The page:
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Clif's Book World

Adventures from reading books captured within short reviews.

Archaeology and the Iliad: The Trojan War in Homer and History (14 Lectures)

Archaeology and the Iliad: The Trojan War in Homer and History (14 Lectures) - Eric H. Cline These lectures contain a good overview of the archaeological discoveries that provide information about the late bronze age when the events in The Iliad occurred. An analysis of the known data provides an fascinating view of political, technological and economic conditions at the time. Likewise, the events during the 500 year period when the story was being carried forward until the time of Homer when the story was written down also had their impact on the narrative of The Iliad. Another interesting issue discussed is how many of the details in The Iliad reflect the iron age technology of the time of Homer as opposed to the bronze age technology of the time of the Trojan War. Also, the discussion of the Epic Cycle is interesting. The Epic Cycle includes the parts of the story related to the Trojan War that are not contained in Homer's stories and have been preserved in fragmentary form through quotes by later writers.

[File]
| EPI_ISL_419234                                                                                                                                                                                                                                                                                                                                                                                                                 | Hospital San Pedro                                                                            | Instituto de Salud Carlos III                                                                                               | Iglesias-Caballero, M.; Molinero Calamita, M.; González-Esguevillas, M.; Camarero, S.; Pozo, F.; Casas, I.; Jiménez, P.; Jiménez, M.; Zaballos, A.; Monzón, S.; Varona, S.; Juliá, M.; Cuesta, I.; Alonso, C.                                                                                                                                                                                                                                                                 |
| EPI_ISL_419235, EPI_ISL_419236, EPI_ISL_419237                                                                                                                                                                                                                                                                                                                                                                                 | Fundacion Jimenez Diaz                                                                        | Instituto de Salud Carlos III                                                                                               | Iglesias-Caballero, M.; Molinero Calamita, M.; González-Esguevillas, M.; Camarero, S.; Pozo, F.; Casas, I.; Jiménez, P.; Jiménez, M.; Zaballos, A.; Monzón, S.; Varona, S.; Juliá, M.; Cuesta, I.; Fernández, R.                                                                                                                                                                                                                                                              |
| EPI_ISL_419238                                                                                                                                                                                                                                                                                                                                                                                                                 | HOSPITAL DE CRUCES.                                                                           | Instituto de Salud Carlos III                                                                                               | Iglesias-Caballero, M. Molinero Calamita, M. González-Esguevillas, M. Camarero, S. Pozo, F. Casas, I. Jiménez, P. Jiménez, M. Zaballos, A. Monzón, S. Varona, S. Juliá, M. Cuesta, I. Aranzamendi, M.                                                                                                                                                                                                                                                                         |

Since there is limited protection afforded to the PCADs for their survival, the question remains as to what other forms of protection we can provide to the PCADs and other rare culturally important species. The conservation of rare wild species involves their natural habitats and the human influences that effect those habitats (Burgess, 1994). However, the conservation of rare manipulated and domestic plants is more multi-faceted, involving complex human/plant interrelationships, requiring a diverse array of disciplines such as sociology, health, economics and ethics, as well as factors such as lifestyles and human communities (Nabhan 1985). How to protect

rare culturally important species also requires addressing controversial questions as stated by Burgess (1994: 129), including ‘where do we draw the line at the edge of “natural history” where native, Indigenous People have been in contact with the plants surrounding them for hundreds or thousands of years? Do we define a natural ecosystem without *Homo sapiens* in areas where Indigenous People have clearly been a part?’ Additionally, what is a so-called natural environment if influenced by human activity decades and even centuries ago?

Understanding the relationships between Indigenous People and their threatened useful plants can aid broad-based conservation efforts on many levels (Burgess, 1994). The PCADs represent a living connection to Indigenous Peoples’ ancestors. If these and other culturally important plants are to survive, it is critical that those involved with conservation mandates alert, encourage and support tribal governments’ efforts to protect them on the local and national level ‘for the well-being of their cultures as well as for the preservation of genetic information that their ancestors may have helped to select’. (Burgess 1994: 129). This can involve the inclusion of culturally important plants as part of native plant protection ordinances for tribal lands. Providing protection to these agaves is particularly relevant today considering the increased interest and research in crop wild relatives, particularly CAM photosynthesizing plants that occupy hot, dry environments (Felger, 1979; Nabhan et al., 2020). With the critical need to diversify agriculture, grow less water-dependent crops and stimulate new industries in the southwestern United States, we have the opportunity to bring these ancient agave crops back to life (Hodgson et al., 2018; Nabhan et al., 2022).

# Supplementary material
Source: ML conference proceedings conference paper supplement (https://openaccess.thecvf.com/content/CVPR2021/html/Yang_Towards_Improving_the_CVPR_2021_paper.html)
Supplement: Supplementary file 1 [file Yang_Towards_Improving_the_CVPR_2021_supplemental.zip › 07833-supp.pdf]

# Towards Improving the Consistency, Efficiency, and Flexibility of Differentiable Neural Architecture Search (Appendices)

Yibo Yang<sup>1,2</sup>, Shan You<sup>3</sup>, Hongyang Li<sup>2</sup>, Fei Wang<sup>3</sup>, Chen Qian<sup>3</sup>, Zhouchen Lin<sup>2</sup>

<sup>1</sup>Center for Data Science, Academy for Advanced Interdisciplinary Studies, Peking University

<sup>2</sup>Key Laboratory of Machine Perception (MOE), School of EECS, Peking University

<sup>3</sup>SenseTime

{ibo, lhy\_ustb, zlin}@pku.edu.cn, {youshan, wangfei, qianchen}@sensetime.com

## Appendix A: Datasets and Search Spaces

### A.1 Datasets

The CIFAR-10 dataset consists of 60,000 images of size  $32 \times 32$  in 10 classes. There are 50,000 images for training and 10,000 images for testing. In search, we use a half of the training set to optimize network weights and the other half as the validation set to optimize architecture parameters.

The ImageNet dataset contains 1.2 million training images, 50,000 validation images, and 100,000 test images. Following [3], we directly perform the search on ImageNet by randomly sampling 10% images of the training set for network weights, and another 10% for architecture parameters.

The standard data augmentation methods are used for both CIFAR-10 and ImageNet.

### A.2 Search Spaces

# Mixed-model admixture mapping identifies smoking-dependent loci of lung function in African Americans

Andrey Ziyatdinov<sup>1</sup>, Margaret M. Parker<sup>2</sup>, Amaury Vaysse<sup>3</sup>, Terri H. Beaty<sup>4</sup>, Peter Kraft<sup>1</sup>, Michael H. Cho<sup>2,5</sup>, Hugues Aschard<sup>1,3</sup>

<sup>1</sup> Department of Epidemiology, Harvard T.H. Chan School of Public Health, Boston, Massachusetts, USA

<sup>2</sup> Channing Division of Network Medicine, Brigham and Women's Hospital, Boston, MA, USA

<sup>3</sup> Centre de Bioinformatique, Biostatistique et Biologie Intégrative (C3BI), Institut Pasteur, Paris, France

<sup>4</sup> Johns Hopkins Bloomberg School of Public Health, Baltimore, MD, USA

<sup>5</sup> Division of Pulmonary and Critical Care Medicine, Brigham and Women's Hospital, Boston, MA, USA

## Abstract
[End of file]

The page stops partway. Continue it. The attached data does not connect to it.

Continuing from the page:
The following are my musings and are not necessarily a review of the contents of the lectures:
It's interesting to note that the 500 years between the time of Homer and the Trojan War is considered by historians to be the Greek Dark Ages. That is because the fairly advanced late bronze age civilization described in The Iliad collapsed soon after the Trojan War. This can partly explain the motivation of the story tellers during the Greek Dark Ages for keeping alive the memories of a golden past. Homer's admiration of those past glorious times was probably similar to the enthusiasm of the Renaissance writers for the memories of the Roman Empire and ancient Greece. The two cases are different in that Homer and his scribe were putting their stories into writing for the first time, whereas the Renaissance writers were finding, saving and learning from old manuscripts. It's interesting to note how much of human history has been looking back in time to a golden age past as the source for wisdom. Since The Enlightenment the expectations have shifted toward looking to the future for increased knowledge and understanding. The recent global economic meltdown is a reminder how quickly things can change. Could we be witnessing the beginning of another dark age? We may be remembered in the future as the wise masters of a golden past era. Wow, and we didn't even know that we were that smart!